HealthWilliam J. Ford

Maryland Prescription Drug Board Moving Right Along

An all-volunteer board in Maryland will continue working throughout this year, even with an uncertain future for resources to assess prescription drug prices.

Van Mitchell, chair of the five-member Prescription Drug Affordability Board, said in an email Friday, June 26 that paperwork was completed for the state Department of General Services to seek office space in the Bowie area.

The board plans to apply for an executive director this month to the state Department of Budget and Management, said Mitchell, who added a website (pdab.maryland.gov) is scheduled to launch Wednesday, July 1.

“It has been a struggle,” Mitchell, former secretary of the state Department, said during a telephone town hall last week. “We have worked to coddle things together and try to get the board moving in the right direction.”

That’s because the board, the first in the nation created to recommend ways to make prescription drugs more affordable, received about $750,000 to begin its work this year.

During this year’s abrupt legislative session, state lawmakers approved a cap in fees of no more than $2 million through fiscal year 2025.

According to a budget summary, those fees would be assessed to manufacturers, pharmacy benefits managers, insurance carriers and wholesale distributors that sell or offer for sale prescription drug products to Maryland residents. The fee would be about $1,000 each to 1,400 companies and other entities.

An additional $250,000 would be provided through 2021 to 2023 as “special fund expenditures” to repay the Maryland Health Care Commission.

Even though lawmakers approved the bill, including a unanimous vote in the state Senate, Gov. Larry Hogan still vetoed the bill because “it would raise taxes and fees on Marylanders at a time when many are already out of work and financially struggling,” the Republican governor wrote in a letter May 7.

The overwhelmingly Democratic legislature may certainly override Hogan’s veto when lawmakers reconvene in January.

“It didn’t make any sense to anyone then [and] doesn’t make sense now,” said Sen. Brian Feldman (D-Montgomery County), one of the lead sponsors on health care legislation. “The governor has been a bit of a roadblock.”

The board held its first meeting in January in Annapolis, but the coronavirus pandemic has forced virtual sessions that included one June 16.

Besides Mitchell, the other members are Eberechukwu Onukwugha, an associate professor at the University of Maryland School of Pharmacy in Baltimore; Gerard F. Anderson, a professor at the Johns Hopkins Bloomberg School of Public Health in Baltimore; George S. Malouf Jr., an ophthalmologist; and Joseph Levy, a professor at Johns Hopkins University.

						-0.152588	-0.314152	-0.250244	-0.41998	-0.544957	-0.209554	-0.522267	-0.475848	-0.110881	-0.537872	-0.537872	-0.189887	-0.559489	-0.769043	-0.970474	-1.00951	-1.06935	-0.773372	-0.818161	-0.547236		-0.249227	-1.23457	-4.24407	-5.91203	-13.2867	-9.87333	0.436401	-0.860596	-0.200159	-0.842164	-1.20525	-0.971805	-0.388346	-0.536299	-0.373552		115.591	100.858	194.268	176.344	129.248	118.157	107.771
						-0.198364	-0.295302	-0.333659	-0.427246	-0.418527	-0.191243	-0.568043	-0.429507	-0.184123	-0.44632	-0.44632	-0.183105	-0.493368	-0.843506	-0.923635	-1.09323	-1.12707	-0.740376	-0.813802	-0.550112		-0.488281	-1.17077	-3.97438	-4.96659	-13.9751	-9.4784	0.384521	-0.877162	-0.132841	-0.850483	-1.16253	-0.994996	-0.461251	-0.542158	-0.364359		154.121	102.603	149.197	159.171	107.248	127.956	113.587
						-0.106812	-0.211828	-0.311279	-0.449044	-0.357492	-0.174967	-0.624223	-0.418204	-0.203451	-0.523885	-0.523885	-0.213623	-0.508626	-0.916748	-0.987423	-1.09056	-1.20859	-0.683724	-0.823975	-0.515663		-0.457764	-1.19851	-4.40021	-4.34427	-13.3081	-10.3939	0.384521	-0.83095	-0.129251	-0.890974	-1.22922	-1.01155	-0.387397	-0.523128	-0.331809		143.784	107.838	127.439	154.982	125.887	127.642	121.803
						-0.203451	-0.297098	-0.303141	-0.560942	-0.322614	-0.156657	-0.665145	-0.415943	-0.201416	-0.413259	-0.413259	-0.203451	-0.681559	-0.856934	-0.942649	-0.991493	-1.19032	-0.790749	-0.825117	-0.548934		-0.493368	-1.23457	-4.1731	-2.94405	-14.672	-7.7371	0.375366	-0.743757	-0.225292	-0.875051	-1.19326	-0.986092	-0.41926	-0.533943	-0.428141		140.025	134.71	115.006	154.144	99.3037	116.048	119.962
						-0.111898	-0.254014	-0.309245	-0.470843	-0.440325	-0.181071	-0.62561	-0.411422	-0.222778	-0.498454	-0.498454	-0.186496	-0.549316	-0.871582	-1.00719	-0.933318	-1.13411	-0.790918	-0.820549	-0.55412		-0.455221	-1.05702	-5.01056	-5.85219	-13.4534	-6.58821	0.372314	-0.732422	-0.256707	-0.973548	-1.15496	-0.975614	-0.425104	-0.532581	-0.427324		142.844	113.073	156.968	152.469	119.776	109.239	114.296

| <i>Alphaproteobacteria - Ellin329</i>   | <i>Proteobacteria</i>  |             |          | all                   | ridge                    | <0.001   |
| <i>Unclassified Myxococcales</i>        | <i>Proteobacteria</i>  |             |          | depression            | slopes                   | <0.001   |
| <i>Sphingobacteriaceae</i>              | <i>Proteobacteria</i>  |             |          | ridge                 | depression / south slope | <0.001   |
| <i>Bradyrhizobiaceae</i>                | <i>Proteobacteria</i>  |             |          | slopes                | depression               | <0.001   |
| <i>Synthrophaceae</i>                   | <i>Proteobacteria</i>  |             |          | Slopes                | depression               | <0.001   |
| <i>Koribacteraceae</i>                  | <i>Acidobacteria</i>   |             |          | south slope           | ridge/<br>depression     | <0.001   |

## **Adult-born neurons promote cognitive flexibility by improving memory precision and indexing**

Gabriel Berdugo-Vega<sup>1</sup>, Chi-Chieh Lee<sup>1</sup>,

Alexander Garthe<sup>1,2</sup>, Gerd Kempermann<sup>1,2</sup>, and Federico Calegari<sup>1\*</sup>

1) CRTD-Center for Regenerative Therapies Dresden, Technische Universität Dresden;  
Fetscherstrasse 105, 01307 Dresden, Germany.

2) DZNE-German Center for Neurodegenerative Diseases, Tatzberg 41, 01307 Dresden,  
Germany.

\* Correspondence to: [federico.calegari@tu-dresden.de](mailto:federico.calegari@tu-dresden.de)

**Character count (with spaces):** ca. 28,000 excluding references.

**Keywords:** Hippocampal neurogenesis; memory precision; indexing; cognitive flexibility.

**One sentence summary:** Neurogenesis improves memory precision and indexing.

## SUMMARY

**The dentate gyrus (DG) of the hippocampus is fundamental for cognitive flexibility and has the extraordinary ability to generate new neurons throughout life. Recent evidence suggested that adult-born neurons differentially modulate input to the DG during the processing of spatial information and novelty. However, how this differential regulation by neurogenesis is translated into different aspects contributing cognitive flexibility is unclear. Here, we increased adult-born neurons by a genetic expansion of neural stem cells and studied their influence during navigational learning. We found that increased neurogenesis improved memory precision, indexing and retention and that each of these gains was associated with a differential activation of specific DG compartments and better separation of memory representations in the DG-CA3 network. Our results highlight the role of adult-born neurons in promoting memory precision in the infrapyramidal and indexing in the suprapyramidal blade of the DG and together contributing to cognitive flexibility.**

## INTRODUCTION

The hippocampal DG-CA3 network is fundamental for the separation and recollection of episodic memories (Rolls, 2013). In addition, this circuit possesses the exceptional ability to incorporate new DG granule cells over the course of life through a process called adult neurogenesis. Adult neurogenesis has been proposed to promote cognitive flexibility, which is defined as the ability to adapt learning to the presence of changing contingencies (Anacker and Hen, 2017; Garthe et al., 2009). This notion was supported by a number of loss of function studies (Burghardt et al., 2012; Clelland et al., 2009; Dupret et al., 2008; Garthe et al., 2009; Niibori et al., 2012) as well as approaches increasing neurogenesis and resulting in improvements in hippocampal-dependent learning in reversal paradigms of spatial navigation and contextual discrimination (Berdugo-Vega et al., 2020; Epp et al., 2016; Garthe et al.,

Three other people may be employed with the executive director in an office such as a general counsel, pharmacist and a person to handle administrative functions. A consultant may also be retained to help with financial matters on health and other matters.

The board plans to review new brand name prescription drugs at $30,000 or more per year, analyze existing brand-name medications that increase in price by $3,000 or more annually, and assess any prescription drugs that patients cannot afford and are challenges to the state’s health care system.

During a June 24 telephone town hall, one resident asked how people can help the board such as telling “war stories” about how much they pay for prescription drugs.

Maryland Citizens’ Health Initiative, one of the state’s biggest health care advocacy organizations, prompts residents to file their concerns at http://healthcareforall.com/hearmystory by asking: “Are you paying too much for prescription drugs?”

“It is one thing to focus on the pricing, but if people cannot pay, that’s important and we need to understand what the dimensions of that look like,” Onukwugha said. “That’s where the stories are immensely helpful.”

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William J. Ford – Washington Informer Staff Writer

I decided I wanted to become a better writer while attending Bowie State University and figured that writing for the school newspaper would help. I’m not sure how much it helped, but I enjoyed it so much I decided to keep on doing it, which I still thoroughly enjoy 20 years later. If I weren’t a journalist, I would coach youth basketball. Actually, I still play basketball, or at least try to play, once a week. My kryptonite is peanut butter. What makes me happy – seeing my son and two godchildren grow up. On the other hand, a bad call made by an official during a football or basketball game makes me throw up my hands and scream. Favorite foods include pancakes and scrambled eggs which I could eat 24-7. The strangest thing that’s ever happened to me, or more accurately the most painful, was when I was hit by a car on Lancaster Avenue in Philadelphia. If I had the power or money to change the world, I’d make sure everyone had three meals a day. And while I don’t have a motto or favorite quote, I continue to laugh which keeps me from driving myself crazy. You can reach me several ways: Twitter @jabariwill, Instagram will_iam.ford2281 or e-mail, wford@washingtoninformer.com

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